(2008)4Perry SeibertBen Stiller's biggest problem as a director has been that his material has never quite been worthy of his obvious ambition. But in Tropic Thunder, a satire about the insecurity and immaturity of movie stars, which he co-wrote with Justin Theroux and Etan Cohen, Stiller's obvious comfort and confidence in the material grounds the film so firmly that, for the first time, his directorial ambitions can flourish. The premise is that five actors -- three of them international superstars -- are stranded somewhere in Asia believing they are shooting a guerrilla-style Vietnam War epic, when they're in fact caught up in very real danger. This structure serves up so many delicious possibilities that Stiller and his cohorts can't help themselves, they try everything: physical comedy; self-serious Oscar-bait trailers; profanity-laced diatribes from Hollywood power players -- they even mock the horrors of drug withdrawal, all the while playing up the ceaseless insincerity of almost everyone involved in moviemaking.
Well-shot by cinematographer John Toll, and cannily edited by Greg Hayden, the film is a visual treat. Moving briskly from joke to joke, Tropic Thunder, much like Hot Fuzz, works as both as an action film and as a spoof of action films. When there are visual allusions to other Vietnam classics like Apocalypse Now or Platoon, the point is never just to reference those great works -- there's always something else going on in those scenes to make them funny, so the homages simply add another layer of laughter. The care that went into the art direction, for instance (especially in the movie memorabilia on display in an agent's office), will bring a smile to anyone paying attention.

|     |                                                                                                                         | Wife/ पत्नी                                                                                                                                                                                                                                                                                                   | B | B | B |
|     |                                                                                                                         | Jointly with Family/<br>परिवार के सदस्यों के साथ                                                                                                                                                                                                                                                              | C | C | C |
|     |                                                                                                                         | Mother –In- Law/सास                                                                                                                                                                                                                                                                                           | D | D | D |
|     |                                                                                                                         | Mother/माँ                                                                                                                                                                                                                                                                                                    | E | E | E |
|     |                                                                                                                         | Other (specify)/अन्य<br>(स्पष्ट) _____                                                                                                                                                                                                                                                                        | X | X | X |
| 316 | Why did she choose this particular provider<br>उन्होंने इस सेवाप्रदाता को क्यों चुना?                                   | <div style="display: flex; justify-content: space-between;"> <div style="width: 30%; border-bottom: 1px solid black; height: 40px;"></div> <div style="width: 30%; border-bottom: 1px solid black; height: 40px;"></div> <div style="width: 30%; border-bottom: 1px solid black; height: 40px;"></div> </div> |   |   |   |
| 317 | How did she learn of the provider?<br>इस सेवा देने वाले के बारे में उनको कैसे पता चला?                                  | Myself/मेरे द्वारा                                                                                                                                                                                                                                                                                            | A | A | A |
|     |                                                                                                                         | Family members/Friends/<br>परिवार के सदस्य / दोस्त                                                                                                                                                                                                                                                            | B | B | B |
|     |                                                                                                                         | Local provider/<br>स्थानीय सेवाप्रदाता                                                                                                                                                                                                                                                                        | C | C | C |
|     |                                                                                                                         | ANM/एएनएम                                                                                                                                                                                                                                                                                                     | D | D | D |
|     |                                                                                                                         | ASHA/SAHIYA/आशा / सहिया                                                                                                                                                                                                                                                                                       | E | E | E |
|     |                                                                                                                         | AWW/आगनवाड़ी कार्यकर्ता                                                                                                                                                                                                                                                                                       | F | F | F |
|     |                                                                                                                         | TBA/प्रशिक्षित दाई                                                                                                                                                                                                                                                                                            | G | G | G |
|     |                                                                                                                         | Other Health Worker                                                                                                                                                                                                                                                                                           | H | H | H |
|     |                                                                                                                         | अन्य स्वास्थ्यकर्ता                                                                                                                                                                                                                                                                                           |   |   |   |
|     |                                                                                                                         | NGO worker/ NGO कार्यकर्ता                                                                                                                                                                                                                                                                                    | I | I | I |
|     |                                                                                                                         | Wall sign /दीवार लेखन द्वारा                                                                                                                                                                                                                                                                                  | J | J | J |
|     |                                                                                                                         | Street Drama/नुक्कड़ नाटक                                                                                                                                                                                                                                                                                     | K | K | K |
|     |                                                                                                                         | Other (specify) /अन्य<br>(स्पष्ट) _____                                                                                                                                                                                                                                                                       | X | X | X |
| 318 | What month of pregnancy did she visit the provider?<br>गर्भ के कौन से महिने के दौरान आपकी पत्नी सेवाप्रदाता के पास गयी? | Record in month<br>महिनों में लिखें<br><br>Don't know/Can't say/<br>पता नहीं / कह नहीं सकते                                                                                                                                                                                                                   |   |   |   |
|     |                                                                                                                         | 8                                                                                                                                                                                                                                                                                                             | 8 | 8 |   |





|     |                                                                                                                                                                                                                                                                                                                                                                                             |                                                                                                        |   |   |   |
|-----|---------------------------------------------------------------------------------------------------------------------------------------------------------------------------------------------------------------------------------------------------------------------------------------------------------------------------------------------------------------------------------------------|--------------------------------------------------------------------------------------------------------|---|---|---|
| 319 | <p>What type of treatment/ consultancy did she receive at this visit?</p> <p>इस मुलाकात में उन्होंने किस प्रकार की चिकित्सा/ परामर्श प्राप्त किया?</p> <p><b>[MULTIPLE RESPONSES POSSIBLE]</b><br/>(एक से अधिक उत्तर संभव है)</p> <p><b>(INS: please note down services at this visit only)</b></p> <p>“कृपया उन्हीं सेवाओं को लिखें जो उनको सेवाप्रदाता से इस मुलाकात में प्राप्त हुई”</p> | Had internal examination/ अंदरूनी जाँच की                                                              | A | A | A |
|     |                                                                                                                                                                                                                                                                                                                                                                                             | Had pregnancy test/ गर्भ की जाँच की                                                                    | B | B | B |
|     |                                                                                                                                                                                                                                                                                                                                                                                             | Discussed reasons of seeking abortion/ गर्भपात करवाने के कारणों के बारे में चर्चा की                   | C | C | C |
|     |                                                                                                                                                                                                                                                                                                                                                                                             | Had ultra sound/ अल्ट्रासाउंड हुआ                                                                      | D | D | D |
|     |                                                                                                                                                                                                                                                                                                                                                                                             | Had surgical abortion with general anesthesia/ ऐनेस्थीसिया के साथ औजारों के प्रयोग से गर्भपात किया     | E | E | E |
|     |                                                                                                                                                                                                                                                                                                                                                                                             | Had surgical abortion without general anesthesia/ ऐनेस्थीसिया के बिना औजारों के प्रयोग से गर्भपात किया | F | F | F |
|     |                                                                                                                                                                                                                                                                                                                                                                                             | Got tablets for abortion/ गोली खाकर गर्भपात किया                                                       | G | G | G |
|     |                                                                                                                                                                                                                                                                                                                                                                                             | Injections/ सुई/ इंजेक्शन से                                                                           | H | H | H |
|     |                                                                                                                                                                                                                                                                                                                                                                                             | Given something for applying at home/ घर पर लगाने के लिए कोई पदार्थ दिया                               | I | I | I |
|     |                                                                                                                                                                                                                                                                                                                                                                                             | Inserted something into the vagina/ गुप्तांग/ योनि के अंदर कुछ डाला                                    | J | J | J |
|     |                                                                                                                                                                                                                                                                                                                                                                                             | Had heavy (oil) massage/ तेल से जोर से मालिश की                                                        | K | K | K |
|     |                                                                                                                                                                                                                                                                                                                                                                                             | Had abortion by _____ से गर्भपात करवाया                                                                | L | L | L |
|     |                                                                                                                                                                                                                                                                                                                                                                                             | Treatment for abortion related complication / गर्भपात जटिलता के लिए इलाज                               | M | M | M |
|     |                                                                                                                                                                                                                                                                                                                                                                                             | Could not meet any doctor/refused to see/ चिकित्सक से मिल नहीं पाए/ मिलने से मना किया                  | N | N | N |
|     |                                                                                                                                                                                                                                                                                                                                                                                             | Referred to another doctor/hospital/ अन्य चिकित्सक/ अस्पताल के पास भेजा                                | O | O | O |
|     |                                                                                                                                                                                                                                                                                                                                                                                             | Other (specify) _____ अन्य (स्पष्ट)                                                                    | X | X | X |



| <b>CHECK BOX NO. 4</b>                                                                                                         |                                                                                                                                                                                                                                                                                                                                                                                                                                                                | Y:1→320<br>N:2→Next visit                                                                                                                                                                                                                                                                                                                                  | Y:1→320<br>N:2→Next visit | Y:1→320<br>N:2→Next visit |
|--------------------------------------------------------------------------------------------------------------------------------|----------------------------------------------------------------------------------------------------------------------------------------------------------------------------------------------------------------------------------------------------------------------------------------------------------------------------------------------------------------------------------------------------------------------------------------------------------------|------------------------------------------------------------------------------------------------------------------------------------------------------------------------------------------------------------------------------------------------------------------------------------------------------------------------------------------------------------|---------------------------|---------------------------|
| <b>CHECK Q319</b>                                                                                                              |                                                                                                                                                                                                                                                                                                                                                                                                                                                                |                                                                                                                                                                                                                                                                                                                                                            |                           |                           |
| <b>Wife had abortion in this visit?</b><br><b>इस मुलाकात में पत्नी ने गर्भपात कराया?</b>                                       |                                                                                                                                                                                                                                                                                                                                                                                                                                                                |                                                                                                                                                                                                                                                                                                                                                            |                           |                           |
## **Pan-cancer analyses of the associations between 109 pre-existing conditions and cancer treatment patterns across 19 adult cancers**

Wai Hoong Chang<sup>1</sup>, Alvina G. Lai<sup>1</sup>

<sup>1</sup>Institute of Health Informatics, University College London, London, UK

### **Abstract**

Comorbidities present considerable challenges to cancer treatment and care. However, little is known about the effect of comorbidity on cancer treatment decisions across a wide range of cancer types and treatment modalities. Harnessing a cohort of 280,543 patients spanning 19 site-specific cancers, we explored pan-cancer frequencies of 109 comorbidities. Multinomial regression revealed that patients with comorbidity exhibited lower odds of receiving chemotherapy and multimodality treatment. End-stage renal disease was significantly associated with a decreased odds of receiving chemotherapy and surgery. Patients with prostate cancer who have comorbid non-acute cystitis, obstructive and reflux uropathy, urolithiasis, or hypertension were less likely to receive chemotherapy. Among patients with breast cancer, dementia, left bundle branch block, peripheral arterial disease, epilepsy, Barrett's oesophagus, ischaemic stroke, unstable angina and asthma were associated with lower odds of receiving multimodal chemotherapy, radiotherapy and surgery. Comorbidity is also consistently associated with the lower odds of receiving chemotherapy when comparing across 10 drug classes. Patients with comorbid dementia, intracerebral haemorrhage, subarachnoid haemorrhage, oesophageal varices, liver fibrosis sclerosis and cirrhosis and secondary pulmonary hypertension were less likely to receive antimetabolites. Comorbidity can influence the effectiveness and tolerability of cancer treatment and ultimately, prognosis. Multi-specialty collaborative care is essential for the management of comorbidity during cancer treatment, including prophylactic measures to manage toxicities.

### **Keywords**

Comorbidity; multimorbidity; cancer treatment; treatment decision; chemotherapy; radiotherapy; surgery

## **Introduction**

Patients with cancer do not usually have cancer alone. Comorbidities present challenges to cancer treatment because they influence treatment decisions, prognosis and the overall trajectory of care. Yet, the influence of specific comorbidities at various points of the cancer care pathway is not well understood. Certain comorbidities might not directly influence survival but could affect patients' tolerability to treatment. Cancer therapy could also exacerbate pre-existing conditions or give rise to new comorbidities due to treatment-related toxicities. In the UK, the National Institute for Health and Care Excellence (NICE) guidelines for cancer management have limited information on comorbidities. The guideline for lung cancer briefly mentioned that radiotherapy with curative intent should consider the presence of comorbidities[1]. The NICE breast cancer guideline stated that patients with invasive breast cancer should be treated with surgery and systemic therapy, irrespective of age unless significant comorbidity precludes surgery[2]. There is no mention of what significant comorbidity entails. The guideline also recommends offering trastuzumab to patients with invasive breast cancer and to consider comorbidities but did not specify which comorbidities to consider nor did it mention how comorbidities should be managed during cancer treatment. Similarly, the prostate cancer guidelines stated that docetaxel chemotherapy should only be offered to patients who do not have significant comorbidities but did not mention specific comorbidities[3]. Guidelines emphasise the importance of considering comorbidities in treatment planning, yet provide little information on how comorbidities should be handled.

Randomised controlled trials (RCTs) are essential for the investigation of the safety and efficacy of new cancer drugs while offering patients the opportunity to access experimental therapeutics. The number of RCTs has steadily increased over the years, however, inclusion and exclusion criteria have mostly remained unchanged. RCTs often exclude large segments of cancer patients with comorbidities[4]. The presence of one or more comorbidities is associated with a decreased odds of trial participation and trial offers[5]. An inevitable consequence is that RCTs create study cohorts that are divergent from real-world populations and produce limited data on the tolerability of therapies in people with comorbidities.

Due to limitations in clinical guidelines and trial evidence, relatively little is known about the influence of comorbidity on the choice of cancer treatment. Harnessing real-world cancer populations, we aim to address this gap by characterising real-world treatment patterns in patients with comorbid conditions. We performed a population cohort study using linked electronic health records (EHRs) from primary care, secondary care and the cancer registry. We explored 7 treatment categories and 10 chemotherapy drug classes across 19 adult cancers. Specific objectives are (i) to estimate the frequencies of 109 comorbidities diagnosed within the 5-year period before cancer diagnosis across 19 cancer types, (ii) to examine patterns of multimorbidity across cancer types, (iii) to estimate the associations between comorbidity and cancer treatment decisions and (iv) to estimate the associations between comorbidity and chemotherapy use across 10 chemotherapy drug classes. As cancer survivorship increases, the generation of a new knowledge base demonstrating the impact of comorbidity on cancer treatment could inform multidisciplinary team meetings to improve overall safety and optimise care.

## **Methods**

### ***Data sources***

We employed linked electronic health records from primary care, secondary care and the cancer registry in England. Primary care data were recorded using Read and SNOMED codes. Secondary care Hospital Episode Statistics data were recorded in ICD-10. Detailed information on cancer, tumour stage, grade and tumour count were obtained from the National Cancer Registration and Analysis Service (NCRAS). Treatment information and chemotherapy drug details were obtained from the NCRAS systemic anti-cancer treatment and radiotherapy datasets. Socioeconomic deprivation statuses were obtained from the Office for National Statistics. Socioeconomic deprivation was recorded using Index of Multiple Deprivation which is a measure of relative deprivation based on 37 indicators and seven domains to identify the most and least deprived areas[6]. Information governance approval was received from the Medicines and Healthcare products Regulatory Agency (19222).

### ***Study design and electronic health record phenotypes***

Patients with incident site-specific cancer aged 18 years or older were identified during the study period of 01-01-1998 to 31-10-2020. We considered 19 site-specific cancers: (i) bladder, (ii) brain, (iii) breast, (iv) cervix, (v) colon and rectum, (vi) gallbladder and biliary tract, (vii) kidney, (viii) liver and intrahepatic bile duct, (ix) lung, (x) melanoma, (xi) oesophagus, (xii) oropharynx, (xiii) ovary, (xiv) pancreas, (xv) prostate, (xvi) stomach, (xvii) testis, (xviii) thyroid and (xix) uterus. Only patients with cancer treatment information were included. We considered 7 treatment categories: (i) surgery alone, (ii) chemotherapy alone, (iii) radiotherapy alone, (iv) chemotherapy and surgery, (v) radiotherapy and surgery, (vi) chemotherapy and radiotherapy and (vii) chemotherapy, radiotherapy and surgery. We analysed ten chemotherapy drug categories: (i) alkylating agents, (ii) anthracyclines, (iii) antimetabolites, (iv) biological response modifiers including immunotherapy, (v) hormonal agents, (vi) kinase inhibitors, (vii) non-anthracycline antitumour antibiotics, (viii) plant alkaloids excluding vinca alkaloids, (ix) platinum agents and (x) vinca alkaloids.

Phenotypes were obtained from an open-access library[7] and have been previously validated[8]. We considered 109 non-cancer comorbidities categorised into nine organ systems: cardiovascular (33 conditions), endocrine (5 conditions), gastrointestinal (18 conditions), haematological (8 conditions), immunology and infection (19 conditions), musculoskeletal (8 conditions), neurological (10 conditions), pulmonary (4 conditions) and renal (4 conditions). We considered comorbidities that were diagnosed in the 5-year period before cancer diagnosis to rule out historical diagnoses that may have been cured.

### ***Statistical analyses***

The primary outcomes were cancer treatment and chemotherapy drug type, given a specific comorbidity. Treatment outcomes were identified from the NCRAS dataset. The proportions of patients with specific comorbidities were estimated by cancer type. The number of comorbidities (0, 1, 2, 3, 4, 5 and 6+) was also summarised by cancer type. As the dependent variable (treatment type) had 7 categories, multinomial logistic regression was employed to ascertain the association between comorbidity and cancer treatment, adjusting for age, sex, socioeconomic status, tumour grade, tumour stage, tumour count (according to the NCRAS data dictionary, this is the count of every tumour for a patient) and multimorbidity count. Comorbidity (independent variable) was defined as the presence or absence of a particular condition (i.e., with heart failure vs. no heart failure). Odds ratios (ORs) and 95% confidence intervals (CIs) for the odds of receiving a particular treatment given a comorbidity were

Nobody can be faulted for missing some of these subtle pleasures, however, because the big jokes are so consistently uproarious. Everyone from Steve Coogan, as the befuddled British director, to Danny McBride, as a gung-ho special-effects man, to Matthew McConaughey, playing a loyal, unctuous agent, takes full advantage of the numerous opportunities to score laughs. Jay Baruchel deserves particular praise for playing the straight man flawlessly against each and every one of these raging lunatics. But it's Robert Downey Jr. as Kirk Lazarus, an Australian critical darling revered for his chameleon-like method acting, who will keep viewers doubled up with laughter. The character undergoes a radical surgical process that turns his skin black so that he can play an African-American role, and Lazarus refuses to break character, even when the cameras are off. His ongoing verbal battles with entrepreneurial rapper and fellow cast member Alpa Chino (a rock-solid Brandon T. Jackson, whose character gives the film its screamingly funny first scene) become so comically convoluted that they defuse the racial tension. That comedic shock value adds yet another dimension to a movie that already draws upon the rich tradition of Hollywood self-mockery, from Sullivan's Travels to The Player. Time will tell if this film ends up in the pantheon with those poison pen letters to Tinsletown, but it is safe to say that Tropic Thunder is the most consistently funny movie Hollywood managed to produce in the summer of 2008.